Thursday, April 1, 2010

Baboo and Nana in charge?

Stella, left, and Charlie share “tea.”
Staying with grandchildren on their home turf provides a welcomed opportunity to see their development firsthand, individually and as siblings. During our three days alone with our Columbus, GA, four, we were thrilled with how well the brothers and sisters played together and with the boys’ accomplishments in school, Charlie’s enthusiasm and progress in dance and Stella’s expanding vocabulary. The days were filled with laughter, fun and, yes, some challenges.

We learned, for example, that the reports from parents Walt and Sarah about 22-month-old Stella’s occasional outbursts were not exaggerated. A brief “get-out-of-the-house” jaunt had wound up at the Columbus River Walk, a beautiful 15-mile park along the Chattahoochee River. The older kids were engaged in collecting rocks and tossing them into the river with the intensity of big league pitchers.

Nate displays his pitching form.

Luke goes for the big splash.

Stella was soon following her siblings’ example. She kept my husband Walter, also known as Baboo, busy supplying her with rocks. She carefully eased each rock between fence railings and chunked it into the river.
Stella practices her rock toss.

When a sudden shower ended the river-walk visit, Baboo and I failed to recognize an even stronger storm headed our way. We had overlooked the fact that Stella was determined to negotiate an extensive flight of curved steps up to street level. When Baboo scooped her up to make a quick trip up the steps, the wails and “no, no, no” indicated a totally broken heart, hers and mine. Eventually happiness and quiet were restored.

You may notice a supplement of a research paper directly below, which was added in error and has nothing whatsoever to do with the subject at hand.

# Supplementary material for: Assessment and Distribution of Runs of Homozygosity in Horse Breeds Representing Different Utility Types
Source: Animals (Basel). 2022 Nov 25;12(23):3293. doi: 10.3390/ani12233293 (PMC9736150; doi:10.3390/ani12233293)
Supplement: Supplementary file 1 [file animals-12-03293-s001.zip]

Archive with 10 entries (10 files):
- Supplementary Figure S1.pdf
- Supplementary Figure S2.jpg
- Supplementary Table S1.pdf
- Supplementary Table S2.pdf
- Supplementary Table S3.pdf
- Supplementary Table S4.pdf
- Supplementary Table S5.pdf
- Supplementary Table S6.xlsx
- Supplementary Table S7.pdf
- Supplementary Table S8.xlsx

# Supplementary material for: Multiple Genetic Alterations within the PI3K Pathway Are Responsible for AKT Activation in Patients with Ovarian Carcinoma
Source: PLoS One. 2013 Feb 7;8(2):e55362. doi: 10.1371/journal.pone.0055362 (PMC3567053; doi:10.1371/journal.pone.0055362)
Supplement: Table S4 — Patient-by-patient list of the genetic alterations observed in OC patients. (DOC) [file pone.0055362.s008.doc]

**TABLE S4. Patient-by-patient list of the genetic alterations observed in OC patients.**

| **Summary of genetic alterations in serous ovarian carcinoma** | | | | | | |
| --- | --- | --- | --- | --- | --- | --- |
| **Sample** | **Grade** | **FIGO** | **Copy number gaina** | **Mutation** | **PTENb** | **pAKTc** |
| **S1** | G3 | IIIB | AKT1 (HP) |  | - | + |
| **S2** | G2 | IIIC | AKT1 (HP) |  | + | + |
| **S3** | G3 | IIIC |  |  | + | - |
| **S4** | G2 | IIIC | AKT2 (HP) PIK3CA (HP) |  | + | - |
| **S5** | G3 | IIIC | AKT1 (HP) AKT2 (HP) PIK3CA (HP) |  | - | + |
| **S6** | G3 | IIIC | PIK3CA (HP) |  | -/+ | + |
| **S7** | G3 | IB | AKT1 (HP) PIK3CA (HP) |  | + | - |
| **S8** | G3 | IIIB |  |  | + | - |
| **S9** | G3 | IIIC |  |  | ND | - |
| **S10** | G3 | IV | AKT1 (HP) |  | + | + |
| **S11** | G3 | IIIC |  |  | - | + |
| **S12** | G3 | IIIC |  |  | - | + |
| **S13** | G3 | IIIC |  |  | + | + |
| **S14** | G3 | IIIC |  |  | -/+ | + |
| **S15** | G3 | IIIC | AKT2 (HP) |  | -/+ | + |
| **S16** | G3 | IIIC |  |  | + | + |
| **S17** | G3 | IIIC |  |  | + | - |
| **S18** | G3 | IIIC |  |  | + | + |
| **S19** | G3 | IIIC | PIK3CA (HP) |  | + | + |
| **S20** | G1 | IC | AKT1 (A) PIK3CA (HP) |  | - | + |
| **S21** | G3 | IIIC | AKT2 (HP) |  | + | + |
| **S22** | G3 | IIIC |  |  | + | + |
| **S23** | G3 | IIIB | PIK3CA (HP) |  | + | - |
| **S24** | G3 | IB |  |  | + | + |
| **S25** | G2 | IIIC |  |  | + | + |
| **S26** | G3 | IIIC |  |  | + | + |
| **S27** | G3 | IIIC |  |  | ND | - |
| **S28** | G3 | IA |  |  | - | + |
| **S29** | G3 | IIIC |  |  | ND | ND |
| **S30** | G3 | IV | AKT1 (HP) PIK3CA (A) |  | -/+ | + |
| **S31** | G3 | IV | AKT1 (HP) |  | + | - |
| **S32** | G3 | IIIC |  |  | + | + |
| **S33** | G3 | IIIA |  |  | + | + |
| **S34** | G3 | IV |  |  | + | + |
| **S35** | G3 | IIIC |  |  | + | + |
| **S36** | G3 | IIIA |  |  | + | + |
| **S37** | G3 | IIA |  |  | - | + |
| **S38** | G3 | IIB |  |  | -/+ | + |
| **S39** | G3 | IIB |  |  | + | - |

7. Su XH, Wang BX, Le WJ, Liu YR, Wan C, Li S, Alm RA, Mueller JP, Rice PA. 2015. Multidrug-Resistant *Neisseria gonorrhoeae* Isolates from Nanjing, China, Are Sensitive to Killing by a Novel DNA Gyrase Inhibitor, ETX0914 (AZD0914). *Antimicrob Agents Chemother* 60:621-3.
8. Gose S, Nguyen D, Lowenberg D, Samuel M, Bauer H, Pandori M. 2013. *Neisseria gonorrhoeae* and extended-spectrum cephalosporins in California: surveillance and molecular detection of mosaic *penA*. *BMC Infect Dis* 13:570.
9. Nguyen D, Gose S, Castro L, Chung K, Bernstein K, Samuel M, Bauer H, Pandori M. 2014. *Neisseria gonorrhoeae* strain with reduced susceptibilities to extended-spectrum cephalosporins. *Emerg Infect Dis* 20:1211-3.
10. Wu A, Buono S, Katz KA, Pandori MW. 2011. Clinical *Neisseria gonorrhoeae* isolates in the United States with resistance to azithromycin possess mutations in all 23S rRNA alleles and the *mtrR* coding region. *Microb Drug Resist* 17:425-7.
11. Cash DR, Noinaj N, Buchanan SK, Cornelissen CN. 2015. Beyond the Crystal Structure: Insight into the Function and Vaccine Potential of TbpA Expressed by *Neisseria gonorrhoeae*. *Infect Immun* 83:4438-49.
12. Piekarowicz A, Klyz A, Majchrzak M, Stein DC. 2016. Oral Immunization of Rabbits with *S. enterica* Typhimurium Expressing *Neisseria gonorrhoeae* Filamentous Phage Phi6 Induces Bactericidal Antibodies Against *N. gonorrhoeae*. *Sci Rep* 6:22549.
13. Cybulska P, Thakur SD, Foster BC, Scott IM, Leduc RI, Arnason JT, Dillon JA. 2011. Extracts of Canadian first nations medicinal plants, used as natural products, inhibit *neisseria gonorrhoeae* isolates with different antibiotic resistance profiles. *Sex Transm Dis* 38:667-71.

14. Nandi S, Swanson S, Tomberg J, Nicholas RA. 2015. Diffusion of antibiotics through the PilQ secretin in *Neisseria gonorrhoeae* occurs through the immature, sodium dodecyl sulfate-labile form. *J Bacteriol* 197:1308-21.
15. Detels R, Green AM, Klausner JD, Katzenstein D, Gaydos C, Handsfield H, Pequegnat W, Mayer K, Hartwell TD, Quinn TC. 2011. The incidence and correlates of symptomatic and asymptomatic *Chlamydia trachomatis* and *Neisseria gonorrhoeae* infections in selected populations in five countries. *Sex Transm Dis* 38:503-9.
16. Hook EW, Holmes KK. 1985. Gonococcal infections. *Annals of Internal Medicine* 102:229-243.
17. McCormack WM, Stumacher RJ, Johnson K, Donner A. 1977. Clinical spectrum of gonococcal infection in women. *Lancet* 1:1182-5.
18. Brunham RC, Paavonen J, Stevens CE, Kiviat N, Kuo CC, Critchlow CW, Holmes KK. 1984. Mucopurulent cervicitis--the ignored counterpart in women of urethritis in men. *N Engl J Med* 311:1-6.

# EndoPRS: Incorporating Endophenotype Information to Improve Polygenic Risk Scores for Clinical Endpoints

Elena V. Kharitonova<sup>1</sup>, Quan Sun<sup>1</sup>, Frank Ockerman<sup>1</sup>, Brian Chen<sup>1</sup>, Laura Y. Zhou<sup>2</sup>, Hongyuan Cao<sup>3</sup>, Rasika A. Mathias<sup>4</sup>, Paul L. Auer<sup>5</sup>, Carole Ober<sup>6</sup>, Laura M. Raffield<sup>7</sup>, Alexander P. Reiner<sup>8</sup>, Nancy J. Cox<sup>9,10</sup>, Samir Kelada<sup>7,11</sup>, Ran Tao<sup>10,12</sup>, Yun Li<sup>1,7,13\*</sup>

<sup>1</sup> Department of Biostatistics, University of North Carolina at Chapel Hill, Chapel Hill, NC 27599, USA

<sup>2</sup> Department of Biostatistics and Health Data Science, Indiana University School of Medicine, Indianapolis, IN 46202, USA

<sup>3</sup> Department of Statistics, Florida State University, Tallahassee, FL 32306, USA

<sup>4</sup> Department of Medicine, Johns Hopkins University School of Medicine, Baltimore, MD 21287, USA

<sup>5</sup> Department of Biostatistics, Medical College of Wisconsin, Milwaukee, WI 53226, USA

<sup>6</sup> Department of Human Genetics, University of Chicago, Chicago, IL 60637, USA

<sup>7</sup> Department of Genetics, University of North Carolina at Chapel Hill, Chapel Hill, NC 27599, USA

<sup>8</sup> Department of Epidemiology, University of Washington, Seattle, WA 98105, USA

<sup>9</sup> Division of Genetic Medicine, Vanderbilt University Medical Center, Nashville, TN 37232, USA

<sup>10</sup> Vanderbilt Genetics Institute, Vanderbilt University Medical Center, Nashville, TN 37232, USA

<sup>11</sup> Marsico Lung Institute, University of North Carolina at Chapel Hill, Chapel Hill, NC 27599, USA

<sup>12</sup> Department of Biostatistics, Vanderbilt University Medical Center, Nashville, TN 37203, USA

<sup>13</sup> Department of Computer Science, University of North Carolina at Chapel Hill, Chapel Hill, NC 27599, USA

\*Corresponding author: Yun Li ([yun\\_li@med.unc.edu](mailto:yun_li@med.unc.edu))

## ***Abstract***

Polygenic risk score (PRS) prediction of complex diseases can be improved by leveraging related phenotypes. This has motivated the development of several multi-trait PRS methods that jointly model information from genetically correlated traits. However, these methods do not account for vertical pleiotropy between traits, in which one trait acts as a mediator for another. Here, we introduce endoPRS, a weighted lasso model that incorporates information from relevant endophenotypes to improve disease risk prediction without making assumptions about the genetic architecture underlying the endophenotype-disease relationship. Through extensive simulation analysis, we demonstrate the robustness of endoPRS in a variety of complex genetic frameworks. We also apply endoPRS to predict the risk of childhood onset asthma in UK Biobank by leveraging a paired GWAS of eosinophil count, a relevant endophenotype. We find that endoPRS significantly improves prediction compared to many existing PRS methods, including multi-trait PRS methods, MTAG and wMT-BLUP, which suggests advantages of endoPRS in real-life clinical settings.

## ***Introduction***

Stella and Charlie give Baboo “quality” time.

We also learned that the boys’ parents had good reason for the limits they set on the time that Luke, seven, and Nate, five, could spend on Nintendo DS, their hand-held game systems. When our relaxed approach allowed them extended playing time, emotional circuits overloaded. By the end of our visit, we had worked out a balance that largely avoided the game-induced frustration and crankiness that the boys – and Baboo and Nana – had experienced earlier.

We left Monday evening, taking with us memories that make us laugh. We also left with an ever-growing appreciation of the results of our son and daughter-in-law’s parenting efforts.

1 comment:

  1. What a lovely tribute to your family and their nurturing. Grandkids can be a challenge but so wonderful to be a part of their lives.
    Wishing you a Happy and Blessed Easter.